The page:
Category Archives: spirituality

I See You!

In his Book of Awakening, author Mark Nepo shares a beautiful, centuries-old custom of African Bushmen. When a person becomes aware of the presence of another, she or he exclaims, “I See You!” and the other replies, “I am Here!”

Today’s word for reflection is: SEE.

On the surface this seems to be a very simple greeting. Until you really consider it.

We’ve all been in the presence of someone who may be looking at us, but who does not really see us — whether in our pain or in our joy. And, we’ve all also taken up physical space somewhere without fully being present.

Think of the last time that someone was completely present for you; listening deeply to what you were saying. Or, when, during a phone conversation or an email, someone utterly validated the words you expressed. Honored them. Took them in. Think of that that made you feel.

What an opportunity we have! To beautifully enhance the life of another by fully seeing them.

Nepo ends this devotional with these oh-so-wise words:

“As far back as we can remember, people of the oldest tribes, unencumbered by civilization, have been rejoicing in being on earth together. Not only can we do this for each other, it is essential. For as stars need open space to be seen, as waves need shore to crest, as dew needs grass to soak into, our vitality depends on how we exclaim and rejoice, “I See You!” and “I am Here!”

Today, I am encouraged and challenged to see, completely, the people and things around me; and in so doing, enhance their ability to fully inhabit the truth of their lives.

I SEE You!

Through the Lens of Beloved

Today’s Lenten reflection word, BELOVED, began my day with the sweetest of memories.  In spite of all the challenges that come in any marriage, one thing that Randy could do like no one else was to make me feel absolutely and completely beloved. He used to cup my face in his hands, look tenderly into my eyes and say from the depths of his being, “Oh! Just LOOK at you!” Every other feeling thudded to the ground and I was left with the bare immensity of being someone’s Beloved. It was a feeling so true that it is not bound by time. I feel it in this moment as I did in the moments of years ago. Without a doubt, I was Randy’s Beloved.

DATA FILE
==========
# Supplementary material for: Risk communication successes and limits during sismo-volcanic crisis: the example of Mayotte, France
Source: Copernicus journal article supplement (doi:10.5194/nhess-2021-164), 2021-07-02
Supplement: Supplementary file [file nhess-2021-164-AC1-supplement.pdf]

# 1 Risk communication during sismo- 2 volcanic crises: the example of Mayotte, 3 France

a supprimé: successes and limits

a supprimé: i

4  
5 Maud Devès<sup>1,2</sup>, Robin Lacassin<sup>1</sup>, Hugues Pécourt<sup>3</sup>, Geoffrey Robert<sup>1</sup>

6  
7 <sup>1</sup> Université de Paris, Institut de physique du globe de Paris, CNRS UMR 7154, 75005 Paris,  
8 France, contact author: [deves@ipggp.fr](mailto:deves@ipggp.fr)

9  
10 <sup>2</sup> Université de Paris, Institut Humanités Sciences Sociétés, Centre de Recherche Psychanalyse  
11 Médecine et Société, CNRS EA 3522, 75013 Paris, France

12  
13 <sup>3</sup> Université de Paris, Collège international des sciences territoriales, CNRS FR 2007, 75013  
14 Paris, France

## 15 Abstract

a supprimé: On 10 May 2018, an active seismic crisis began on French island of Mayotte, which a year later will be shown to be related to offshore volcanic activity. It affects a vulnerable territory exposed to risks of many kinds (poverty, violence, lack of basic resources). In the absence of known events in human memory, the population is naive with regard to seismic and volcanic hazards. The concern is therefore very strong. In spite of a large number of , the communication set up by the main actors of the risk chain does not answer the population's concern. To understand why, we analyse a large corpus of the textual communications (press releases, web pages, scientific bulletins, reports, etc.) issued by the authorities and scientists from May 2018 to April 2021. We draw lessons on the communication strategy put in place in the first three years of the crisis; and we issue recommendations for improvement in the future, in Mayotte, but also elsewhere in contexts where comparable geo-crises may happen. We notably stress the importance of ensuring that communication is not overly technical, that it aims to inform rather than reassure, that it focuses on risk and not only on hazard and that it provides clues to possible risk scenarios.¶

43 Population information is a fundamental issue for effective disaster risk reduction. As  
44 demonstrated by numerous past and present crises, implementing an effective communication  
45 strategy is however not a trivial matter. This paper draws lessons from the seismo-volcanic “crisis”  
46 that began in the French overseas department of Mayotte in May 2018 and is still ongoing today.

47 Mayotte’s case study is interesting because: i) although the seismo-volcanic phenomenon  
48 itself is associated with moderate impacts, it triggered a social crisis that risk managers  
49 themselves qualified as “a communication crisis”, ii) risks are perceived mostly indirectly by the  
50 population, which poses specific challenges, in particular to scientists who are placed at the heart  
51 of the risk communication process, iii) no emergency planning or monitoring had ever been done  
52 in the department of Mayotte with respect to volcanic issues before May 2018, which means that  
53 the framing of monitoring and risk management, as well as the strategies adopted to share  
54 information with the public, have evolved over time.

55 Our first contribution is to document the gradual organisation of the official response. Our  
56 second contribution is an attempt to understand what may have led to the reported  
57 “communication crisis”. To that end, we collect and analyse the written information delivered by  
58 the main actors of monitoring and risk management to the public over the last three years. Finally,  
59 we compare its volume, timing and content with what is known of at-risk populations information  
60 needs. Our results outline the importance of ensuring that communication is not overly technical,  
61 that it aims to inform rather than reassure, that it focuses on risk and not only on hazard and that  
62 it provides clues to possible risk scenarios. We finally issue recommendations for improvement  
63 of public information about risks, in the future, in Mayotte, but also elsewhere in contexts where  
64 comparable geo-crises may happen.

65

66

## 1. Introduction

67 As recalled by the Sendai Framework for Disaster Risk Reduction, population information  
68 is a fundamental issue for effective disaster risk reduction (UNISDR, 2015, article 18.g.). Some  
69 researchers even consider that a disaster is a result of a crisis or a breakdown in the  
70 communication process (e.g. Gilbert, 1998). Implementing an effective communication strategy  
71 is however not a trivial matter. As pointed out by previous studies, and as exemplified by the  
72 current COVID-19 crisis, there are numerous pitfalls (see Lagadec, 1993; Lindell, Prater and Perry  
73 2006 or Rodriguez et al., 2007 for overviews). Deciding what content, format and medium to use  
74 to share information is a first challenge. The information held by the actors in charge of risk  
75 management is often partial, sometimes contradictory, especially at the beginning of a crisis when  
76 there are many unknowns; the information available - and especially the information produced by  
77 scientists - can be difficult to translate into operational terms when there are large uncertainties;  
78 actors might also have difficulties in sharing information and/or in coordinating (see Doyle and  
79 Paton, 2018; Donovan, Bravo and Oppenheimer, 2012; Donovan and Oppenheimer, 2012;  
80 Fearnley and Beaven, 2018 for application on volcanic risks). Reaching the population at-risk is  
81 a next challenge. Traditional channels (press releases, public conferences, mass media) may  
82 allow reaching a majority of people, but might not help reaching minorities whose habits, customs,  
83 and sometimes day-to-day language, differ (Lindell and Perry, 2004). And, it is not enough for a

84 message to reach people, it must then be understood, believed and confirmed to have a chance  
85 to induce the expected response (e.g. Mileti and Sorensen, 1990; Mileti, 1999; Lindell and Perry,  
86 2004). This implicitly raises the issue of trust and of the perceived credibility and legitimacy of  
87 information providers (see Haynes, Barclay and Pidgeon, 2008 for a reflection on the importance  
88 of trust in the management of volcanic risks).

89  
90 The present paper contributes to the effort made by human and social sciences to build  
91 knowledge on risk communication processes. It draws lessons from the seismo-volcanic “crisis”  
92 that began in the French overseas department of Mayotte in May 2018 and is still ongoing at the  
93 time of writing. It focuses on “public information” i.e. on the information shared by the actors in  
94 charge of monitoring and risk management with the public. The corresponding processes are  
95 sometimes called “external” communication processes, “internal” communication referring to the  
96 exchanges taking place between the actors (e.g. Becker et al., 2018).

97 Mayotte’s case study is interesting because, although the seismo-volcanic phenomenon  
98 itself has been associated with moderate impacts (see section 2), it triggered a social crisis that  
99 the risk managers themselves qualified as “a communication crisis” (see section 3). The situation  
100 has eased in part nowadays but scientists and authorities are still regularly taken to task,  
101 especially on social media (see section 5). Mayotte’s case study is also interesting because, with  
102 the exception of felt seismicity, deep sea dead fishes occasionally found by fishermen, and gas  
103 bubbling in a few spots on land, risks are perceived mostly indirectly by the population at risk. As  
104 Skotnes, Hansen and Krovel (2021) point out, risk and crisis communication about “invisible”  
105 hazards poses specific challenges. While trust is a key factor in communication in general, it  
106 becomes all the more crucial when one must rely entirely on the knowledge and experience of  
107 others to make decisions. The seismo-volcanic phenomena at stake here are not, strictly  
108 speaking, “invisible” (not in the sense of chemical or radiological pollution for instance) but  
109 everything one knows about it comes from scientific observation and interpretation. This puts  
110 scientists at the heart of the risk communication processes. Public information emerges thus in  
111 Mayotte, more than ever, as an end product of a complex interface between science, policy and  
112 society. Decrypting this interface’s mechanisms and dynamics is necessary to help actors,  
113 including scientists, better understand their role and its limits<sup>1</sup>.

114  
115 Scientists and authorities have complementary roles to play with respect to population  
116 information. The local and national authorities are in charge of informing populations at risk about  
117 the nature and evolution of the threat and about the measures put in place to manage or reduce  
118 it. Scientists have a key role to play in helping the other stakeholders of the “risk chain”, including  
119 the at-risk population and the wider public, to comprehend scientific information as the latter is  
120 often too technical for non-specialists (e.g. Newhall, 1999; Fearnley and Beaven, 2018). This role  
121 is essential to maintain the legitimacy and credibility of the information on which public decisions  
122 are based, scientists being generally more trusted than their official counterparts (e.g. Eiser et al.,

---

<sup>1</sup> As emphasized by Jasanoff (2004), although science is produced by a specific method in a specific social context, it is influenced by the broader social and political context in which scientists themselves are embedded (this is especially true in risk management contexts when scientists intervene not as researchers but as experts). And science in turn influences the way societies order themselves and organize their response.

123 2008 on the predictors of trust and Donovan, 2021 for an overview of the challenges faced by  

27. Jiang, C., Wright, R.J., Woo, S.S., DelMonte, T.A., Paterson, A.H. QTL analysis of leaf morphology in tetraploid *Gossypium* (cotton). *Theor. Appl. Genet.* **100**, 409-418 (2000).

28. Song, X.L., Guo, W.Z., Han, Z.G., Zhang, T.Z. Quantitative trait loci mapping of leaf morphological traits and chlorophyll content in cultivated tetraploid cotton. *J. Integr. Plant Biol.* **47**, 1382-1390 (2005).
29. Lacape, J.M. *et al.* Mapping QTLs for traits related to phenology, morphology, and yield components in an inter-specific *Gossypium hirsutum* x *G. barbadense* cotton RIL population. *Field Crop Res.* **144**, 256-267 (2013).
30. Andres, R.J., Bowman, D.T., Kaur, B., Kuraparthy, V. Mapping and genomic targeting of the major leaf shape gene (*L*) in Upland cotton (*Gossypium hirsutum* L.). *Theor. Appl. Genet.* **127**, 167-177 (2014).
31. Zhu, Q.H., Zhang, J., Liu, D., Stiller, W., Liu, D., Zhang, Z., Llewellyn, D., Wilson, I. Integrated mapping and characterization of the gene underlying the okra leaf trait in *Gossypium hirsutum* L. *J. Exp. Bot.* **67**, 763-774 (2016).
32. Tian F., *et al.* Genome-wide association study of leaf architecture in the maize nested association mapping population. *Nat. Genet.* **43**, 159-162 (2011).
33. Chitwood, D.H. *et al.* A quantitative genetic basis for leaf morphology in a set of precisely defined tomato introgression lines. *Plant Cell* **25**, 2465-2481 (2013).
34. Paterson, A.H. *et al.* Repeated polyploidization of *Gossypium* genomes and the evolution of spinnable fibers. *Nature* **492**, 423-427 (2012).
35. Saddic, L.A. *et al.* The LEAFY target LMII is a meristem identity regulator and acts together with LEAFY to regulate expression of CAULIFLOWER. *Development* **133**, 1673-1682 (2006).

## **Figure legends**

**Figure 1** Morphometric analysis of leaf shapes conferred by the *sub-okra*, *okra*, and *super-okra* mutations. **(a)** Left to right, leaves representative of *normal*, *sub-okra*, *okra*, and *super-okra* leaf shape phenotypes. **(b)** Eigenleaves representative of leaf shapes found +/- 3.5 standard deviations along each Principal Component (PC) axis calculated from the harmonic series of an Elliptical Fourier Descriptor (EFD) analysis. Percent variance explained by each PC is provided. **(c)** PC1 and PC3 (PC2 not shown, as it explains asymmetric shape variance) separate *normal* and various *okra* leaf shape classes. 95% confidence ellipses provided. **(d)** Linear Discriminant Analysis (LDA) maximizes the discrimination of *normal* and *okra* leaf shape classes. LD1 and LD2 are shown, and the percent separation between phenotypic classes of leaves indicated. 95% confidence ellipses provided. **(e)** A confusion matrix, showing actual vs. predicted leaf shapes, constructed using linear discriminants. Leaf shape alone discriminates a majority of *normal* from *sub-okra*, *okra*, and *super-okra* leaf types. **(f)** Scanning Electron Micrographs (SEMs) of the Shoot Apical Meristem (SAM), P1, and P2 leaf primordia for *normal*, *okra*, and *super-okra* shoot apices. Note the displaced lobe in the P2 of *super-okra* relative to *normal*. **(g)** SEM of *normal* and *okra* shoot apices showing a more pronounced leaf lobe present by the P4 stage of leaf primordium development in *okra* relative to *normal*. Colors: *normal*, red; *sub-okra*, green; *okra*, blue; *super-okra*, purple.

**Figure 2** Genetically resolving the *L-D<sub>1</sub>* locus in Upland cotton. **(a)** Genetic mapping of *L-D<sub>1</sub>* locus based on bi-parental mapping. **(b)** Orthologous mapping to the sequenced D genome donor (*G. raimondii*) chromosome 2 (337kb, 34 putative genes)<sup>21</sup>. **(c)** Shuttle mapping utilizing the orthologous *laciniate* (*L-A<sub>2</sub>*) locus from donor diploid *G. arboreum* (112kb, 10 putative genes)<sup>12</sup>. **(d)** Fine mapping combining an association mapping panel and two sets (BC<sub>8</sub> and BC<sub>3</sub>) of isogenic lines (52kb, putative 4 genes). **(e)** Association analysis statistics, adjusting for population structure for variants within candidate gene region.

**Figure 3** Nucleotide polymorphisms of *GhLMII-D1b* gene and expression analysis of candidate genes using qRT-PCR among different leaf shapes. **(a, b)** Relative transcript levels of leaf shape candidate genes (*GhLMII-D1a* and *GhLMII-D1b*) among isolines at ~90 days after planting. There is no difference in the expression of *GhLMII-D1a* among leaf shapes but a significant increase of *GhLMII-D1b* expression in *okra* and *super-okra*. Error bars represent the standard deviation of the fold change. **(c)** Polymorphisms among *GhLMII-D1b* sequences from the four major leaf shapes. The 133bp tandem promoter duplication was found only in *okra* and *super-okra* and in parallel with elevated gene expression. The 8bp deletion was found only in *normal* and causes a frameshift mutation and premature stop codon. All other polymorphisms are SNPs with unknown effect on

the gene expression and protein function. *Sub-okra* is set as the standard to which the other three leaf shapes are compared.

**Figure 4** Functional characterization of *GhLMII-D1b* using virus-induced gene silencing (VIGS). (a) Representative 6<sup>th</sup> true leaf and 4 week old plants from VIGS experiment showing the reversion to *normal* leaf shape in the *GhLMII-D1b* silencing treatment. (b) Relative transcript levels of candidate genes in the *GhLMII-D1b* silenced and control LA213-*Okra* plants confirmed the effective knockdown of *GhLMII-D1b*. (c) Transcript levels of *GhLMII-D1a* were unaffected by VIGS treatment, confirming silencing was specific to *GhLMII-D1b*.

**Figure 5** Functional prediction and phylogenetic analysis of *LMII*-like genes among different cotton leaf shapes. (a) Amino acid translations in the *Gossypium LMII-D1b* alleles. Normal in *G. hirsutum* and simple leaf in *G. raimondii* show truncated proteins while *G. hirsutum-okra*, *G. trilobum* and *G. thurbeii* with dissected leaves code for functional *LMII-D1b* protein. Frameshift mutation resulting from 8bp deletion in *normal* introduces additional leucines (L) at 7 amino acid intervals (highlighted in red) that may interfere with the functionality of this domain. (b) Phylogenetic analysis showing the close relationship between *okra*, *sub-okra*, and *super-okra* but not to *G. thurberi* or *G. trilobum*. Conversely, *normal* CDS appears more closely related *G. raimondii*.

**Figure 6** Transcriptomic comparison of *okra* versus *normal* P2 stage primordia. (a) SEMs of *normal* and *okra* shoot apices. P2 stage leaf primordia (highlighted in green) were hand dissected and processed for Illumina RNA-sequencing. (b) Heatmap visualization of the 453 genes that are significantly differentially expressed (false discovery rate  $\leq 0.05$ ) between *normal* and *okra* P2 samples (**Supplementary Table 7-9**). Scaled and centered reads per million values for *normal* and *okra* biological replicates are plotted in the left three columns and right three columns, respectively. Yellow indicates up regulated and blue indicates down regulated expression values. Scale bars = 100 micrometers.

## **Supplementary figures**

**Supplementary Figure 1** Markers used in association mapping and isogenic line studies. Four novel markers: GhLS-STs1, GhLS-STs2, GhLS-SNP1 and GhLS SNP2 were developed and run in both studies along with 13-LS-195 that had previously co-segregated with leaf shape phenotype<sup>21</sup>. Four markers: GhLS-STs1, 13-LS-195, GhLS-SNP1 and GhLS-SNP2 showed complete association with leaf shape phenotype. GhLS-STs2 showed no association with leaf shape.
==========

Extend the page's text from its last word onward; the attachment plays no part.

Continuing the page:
I am now, as I also was then, God’s Beloved. Just simply loved because I am. So are you. And so is everyone else.

Think of it! We are God’s Beloved!

Every minute of every day. No matter what. NO MATTER WHAT.

With Beloved as my lens today, I’ve found that somehow everyone looks a little different. My friend across the table at lunch looked  different. My walking companion this morning looked different. The person in the car next to me looked different. Different — like they really belong. Like they are truly Beloved.

This exquisite poem by Jan Richardson says it all, and I share it with you today:

Beginning with Beloved
A Blessing

Begin here:

Beloved.

Is there any other word
needs saying,
any other blessing
could compare
with this name,
this knowing?

Beloved.

Comes like a mercy
to the ear that has never
heard it.
Comes like a river
to the body that has never
seen such grace.

Beloved.

Comes holy
to the heart
aching to be new.
Comes healing
to the soul
wanting to begin
again.

Beloved.

Keep saying it
and though it may
sound strange at first,
watch how it becomes
part of you,
how it becomes you,
as if you never
could have known yourself
anything else,
as if you could ever
have been other
than this:

Beloved.

–Jan Richardson

See the difference with your own eyes, Beloved.

(p.s. You can read more of Jan’s beautiful work at: http://paintedprayerbook.com)

Even Far Is Near

We’ve all heard the phrase, “You can run but you cannot hide.” I have found this to be true in my own experience when it comes to God’s presence. Regardless of my physical location, state of heart or circumstance, if I can awaken myself to it, I have always found that there is a Divine Presence that never leaves me. No matter what.